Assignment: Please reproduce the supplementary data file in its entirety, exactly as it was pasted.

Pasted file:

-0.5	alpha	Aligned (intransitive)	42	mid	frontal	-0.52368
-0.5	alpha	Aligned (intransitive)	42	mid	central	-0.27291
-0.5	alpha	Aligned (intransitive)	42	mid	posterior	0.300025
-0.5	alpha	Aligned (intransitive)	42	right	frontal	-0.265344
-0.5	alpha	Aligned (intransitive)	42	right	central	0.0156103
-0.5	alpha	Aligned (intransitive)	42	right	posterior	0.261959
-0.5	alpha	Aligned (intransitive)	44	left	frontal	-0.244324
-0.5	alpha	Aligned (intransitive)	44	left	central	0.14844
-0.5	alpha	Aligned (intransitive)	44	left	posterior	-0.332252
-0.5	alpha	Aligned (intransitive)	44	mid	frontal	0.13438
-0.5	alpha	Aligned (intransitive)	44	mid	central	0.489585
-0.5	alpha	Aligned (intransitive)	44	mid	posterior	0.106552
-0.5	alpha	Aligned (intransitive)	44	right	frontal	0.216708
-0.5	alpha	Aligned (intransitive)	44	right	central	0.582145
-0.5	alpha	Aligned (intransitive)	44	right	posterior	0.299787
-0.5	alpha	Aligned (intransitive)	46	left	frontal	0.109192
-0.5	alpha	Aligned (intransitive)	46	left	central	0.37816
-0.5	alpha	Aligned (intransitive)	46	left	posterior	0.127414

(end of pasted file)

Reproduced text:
-0.5	alpha	Aligned (intransitive)	42	mid	frontal	-0.52368
-0.5	alpha	Aligned (intransitive)	42	mid	central	-0.27291
-0.5	alpha	Aligned (intransitive)	42	mid	posterior	0.300025
-0.5	alpha	Aligned (intransitive)	42	right	frontal	-0.265344
-0.5	alpha	Aligned (intransitive)	42	right	central	0.0156103
-0.5	alpha	Aligned (intransitive)	42	right	posterior	0.261959
-0.5	alpha	Aligned (intransitive)	44	left	frontal	-0.244324
-0.5	alpha	Aligned (intransitive)	44	left	central	0.14844
-0.5	alpha	Aligned (intransitive)	44	left	posterior	-0.332252
-0.5	alpha	Aligned (intransitive)	44	mid	frontal	0.13438
-0.5	alpha	Aligned (intransitive)	44	mid	central	0.489585
-0.5	alpha	Aligned (intransitive)	44	mid	posterior	0.106552
-0.5	alpha	Aligned (intransitive)	44	right	frontal	0.216708
-0.5	alpha	Aligned (intransitive)	44	right	central	0.582145
-0.5	alpha	Aligned (intransitive)	44	right	posterior	0.299787
-0.5	alpha	Aligned (intransitive)	46	left	frontal	0.109192
-0.5	alpha	Aligned (intransitive)	46	left	central	0.37816
-0.5	alpha	Aligned (intransitive)	46	left	posterior	0.127414